A witness, Wood, testified for the State that he and Hexum had lived together in the same boarding house in Decatur for about a month; that he had gotten off work at midnight and returned directly to his boarding house and shortly thereafter Hexum and Stovall appeared. He identified Stovall in the courtroom. Question: "How long have you known Mr. Stovall?" Answer: "Since right after he got out of prison." Objection. Objection sustained and jury instructed to disregard that remark. He then stated that he, Hexum and Stovall drove to Lovington, Illinois, in Stovall's Chevrolet car. Asked whether there was any conversation about the Bolch Service Station, he said, "Yes, Hexum wanted to `hit it.'" Stovall said, "No, he hit it once before and it wasn't worth the effort, couldn't get enough money." Wood then identified a 22-caliber bolt action J.C. Higgins rifle and stated that he first saw it on that evening in the back seat of Stovall's car. On the way to Lovington, Wood loaded the rifle with ammunition supplied by Hexum. On their return to the boarding house, Hexum and Stovall talked about hitting another place and Stovall asked the witness to hide the rifle. Stovall and Hexum then left. Wood then went outside to get the rifle which had been placed in a Buick automobile which he was buying from Stovall. The rifle was gone. On the next day Wood was dancing with his girl friend, Donna Galligar, when Stovall arrived. He asked Stovall what was going on and whether anything had happened at the Bolch Service Station. Stovall said he didn't know what he was talking about. They then discussed leaving Illinois and did depart about 2:30 that afternoon for Wichita, Kansas. In Wichita, Wood stated he was going to come back to Decatur and turn himself in. Miss Galligar also wanted to return Stovall said that he wanted to come back and contact a lawyer that he wanted to talk to a lawyer first and then turn himself in. On the way back, the three of them came upon a string of cars and among them was a police car. When the driver of that car saw the Stovall car, he turned around and Wood, who was then driving, pulled off the highway thinking it was a country road, but it turned out to be a farmer's lane and dead-ended at the farmer's house. Wood testified that they were then attempting to elude the police officer's automobile. When they came to the end of the lane, Stovall got out of the car, took two guns and ran and an hour or two later, Wood again saw Stovall in the jail in Jefferson City, Missouri. Between Wichita and Jefferson City, the witness noticed several coins wrapped up in white paper laying back in the glove compartment. He asked Stovall about the coins and Stovall said they were coins stolen at the Bolch Service Station. Wood also testified that in the morning before leaving Decatur he had taken the rifle out to an old abandoned car near Decatur and put it in the rear end of the car. He later told the police where it was and the rifle was then reclaimed. In rebuttal, Wood also testified that some six, eight or ten times during the trip to Wichita, Stovall told him and Miss Galligar that he and Hexum were riding around and they stopped at the Bolch Service Station to fix his lights as he was having trouble with them; that Hexum got out of the car and when Hexum came back, he told Stovall to get out of there because he (Hexum) just robbed the place and as they were leaving, Hexum told Stovall he shot that man.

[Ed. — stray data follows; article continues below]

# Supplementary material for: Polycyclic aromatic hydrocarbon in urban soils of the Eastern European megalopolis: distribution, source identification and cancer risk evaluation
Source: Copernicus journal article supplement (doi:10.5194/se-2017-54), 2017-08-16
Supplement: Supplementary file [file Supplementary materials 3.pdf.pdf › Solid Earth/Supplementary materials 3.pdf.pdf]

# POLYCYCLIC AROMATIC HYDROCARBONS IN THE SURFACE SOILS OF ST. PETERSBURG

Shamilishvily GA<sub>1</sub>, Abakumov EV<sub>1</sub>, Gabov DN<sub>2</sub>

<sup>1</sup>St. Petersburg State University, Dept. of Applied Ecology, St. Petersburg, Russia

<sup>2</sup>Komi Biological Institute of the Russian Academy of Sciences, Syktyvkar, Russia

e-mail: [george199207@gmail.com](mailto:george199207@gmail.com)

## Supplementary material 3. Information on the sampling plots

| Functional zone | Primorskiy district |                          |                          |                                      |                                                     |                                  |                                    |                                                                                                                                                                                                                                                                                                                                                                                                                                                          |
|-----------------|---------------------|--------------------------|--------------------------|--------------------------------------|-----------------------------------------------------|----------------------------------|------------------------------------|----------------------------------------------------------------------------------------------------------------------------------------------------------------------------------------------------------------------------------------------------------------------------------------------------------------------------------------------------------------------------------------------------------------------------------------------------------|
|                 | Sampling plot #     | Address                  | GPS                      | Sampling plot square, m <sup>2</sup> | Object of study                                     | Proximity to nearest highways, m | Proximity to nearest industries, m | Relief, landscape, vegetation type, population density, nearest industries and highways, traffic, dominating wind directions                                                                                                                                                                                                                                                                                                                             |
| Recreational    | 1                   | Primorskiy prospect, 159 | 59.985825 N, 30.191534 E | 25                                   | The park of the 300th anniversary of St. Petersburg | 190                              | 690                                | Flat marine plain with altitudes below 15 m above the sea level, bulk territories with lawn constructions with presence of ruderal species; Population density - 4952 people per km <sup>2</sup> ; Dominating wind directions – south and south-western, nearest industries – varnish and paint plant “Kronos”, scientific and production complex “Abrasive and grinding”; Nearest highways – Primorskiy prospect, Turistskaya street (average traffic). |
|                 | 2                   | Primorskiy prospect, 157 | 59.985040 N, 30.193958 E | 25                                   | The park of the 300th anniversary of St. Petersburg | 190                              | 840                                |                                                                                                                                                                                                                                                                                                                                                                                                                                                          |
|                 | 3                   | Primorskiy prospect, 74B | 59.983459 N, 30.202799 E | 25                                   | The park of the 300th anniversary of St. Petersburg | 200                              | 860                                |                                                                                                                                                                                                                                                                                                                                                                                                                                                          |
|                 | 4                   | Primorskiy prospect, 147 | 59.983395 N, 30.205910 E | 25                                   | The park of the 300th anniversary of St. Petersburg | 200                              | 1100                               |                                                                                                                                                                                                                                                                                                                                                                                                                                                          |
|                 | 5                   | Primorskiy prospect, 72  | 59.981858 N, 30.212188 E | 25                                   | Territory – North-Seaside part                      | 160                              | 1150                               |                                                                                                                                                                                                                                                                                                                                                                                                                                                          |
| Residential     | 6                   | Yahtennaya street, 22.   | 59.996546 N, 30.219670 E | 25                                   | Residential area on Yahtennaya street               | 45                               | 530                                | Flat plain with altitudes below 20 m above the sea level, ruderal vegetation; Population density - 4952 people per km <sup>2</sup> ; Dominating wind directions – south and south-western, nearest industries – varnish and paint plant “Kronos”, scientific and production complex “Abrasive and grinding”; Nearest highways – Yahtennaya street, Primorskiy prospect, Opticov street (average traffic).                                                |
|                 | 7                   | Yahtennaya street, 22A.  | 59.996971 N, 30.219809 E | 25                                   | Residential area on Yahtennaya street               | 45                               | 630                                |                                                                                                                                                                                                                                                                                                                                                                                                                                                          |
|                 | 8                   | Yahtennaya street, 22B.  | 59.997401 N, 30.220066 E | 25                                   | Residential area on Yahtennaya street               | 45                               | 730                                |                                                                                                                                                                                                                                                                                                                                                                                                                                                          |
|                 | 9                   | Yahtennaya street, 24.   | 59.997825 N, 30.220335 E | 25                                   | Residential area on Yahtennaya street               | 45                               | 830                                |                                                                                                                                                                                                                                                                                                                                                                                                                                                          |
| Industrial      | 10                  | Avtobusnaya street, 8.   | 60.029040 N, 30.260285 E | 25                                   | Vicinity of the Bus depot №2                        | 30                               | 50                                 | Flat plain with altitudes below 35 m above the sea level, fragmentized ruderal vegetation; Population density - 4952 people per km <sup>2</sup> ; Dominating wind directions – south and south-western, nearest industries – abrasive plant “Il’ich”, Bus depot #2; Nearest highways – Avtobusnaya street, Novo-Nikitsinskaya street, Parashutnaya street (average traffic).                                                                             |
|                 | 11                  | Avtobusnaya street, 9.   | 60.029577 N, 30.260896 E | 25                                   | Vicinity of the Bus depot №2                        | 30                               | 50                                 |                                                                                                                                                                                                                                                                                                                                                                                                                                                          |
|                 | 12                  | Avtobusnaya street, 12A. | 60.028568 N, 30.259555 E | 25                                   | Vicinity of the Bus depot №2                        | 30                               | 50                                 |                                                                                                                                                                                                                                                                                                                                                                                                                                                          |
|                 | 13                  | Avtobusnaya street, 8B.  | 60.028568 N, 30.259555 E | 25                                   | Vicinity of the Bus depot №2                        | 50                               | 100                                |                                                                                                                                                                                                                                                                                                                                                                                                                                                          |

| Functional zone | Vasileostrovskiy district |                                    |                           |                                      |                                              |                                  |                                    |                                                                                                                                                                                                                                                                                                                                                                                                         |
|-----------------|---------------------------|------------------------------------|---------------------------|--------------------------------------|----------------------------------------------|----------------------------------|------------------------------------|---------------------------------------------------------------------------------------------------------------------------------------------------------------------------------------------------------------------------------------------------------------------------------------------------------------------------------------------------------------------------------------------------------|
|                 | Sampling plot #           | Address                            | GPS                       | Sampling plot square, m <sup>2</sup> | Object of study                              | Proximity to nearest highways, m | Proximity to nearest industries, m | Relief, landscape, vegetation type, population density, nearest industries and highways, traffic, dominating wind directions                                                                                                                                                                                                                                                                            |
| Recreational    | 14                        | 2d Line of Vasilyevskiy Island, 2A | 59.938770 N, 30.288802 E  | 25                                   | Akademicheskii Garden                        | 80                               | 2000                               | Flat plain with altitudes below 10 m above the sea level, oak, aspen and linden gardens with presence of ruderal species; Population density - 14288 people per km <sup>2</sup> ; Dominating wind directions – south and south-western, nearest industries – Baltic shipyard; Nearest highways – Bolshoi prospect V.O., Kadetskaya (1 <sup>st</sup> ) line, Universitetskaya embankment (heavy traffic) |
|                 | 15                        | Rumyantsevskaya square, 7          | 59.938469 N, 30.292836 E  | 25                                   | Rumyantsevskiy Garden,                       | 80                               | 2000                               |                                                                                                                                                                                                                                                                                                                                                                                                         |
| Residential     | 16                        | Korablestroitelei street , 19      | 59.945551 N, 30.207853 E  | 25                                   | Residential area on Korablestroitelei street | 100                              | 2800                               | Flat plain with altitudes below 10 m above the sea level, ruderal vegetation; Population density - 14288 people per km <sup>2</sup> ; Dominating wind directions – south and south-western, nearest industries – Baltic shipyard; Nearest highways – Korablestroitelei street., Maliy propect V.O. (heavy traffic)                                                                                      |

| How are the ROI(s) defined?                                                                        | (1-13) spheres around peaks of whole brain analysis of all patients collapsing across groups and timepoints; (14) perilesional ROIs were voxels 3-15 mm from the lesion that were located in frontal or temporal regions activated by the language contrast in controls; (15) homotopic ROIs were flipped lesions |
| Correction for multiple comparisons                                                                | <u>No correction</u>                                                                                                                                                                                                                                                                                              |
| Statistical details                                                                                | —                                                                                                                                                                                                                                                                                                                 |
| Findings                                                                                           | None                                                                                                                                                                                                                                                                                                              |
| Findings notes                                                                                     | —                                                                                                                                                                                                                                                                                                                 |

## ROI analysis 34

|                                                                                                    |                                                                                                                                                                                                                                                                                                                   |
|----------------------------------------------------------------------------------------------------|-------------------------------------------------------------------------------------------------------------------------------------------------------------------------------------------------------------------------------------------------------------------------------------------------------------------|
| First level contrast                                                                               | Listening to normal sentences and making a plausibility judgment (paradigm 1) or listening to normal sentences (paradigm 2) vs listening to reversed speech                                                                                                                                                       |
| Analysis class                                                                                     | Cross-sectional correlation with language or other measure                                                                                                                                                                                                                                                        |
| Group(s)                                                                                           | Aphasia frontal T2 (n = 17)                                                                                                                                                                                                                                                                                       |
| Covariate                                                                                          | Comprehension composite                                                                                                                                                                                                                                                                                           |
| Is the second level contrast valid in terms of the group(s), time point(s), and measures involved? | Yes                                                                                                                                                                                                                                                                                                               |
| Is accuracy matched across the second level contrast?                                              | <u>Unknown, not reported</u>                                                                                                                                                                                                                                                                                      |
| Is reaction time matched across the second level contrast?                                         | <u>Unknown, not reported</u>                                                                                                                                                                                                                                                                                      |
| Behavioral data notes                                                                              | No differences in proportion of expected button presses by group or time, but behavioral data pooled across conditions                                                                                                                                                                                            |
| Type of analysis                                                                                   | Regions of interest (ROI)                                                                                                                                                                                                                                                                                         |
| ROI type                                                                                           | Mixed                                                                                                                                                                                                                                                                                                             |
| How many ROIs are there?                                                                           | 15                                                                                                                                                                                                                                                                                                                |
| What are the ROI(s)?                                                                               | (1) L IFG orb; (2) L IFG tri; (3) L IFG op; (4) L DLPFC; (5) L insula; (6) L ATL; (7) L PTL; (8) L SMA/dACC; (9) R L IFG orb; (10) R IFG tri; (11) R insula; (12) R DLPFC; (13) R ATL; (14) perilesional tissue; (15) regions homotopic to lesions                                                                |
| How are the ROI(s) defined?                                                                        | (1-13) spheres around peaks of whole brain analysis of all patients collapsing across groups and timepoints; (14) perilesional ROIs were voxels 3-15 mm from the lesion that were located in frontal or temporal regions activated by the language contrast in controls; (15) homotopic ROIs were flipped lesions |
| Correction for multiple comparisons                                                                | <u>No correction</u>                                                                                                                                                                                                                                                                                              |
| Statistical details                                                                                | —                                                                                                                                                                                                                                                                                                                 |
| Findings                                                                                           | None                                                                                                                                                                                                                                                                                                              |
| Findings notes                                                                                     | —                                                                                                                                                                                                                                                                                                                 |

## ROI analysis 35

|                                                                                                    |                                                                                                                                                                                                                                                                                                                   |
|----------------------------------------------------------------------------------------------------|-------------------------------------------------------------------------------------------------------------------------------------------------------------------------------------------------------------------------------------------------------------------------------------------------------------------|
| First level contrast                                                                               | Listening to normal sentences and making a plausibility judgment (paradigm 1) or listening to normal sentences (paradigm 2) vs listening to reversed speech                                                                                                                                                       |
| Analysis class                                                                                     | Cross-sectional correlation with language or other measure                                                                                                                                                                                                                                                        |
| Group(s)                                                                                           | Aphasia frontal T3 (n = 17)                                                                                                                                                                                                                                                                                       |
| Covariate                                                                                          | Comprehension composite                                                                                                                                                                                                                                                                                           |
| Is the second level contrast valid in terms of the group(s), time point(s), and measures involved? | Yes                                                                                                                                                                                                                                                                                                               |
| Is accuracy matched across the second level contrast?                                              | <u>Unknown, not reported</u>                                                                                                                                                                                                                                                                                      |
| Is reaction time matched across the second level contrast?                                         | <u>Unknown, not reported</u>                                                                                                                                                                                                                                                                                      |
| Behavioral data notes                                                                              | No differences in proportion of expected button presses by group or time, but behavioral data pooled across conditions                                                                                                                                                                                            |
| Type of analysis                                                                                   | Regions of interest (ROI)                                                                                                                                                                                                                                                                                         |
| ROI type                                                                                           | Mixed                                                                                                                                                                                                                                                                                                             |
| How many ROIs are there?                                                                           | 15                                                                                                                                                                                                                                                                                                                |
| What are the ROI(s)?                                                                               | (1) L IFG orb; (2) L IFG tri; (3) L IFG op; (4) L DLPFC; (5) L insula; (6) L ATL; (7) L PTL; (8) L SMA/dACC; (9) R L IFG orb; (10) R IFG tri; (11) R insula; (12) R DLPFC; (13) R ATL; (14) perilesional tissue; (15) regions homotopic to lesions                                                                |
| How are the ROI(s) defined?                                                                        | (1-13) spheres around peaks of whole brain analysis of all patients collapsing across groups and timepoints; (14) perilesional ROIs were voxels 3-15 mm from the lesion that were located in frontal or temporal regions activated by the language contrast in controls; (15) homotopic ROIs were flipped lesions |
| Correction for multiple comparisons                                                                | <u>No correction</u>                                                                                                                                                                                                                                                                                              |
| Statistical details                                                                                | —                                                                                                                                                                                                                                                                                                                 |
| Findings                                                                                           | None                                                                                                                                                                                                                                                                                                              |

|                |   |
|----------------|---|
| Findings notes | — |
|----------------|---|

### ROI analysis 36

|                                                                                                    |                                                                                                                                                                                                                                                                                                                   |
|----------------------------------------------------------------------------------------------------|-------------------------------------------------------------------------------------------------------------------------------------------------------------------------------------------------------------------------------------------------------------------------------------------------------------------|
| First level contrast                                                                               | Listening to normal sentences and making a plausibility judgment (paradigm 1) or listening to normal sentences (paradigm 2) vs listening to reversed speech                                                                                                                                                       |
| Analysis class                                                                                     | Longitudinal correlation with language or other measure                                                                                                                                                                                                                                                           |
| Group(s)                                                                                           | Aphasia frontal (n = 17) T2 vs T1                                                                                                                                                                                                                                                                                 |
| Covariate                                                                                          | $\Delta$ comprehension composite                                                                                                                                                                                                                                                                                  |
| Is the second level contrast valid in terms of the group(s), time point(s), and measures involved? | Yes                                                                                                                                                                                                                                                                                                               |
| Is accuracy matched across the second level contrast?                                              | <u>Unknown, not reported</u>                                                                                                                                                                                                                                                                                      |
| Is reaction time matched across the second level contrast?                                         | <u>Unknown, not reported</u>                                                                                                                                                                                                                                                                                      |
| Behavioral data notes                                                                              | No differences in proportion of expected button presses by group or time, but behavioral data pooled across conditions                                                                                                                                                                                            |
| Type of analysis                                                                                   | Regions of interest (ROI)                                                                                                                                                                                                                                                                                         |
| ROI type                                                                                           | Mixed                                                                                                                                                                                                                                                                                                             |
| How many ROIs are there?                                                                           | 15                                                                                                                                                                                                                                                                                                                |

Hexum testified for the State that after returning from Lovington they were proceeding to move the weapons from the car. Question: "What weapons are you referring to?" Answer: "The weapons we stole at. . . ." Interruption. Objection. The State's Attorney: "Just a minute, I want to caution you." The matter was dropped. The witness talked Stovall out of a revolver and witness was trying to dismantle it. Stovall came into the house and demanded the revolver from him and said he wanted to kill a named individual. Witness tried to talk him out of it. Instead they got into Stovall's car and proceeded to look for this individual. The Higgins rifle was on the floorboard of Stovall's car. As they journeyed around, Stovall mentioned that they should rob the gas station. Hexum tried to talk him out of it, but Stovall said "that he wanted to rob the gas station as he did before it was easy. There was an old man there and he could get about $160.00." They proceeded out toward the gas station. Witness continued to argue with him. The witness told him that we shouldn't do it. "We should go home, forget about it, because if we did, we probably would get caught with this gun and get blamed for that burglary at Lovington." Objection. The court: "Latter portion will be stricken." They turned off to a side road about 1/8th of a mile from the station and walked across the field to the gas station. Stovall told him to take the rifle and he had the rifle at that time. Stovall was armed with a 22-caliber revolver. The witness gave Stovall the rifle. As they entered the station, Stovall yelled at the attendant who was seated behind the counter and told him "he wanted the money wanted all of it. He didn't want any funny business." The attendant gave him the money from his shirt pocket. Stovall then shot the attendant. They both went back to the automobile and Stovall then told the witness "if I told, he'd kill me, my girl friend and everybody else." It developed on cross-examination that Hexum was a twice-convicted felon; that Stovall had divided the money with him; that he had made several statements to the Assistant State's Attorney which were inconsistent with his testimony on the stand, and he denied that in the presence of defense witnesses Spencer, Mahon, and Fickes that he said or said in substance "I just been in a robbery of a filling station, I killed him. I pulled the trigger. I don't want to live." Hexum was then about 20 years old and Spencer, Fickes and Mahon testified for the defense that he did make such statements which they overheard in the county jail. Two of them were also convicted felons and all three were cotenants of Hexum in the county jail.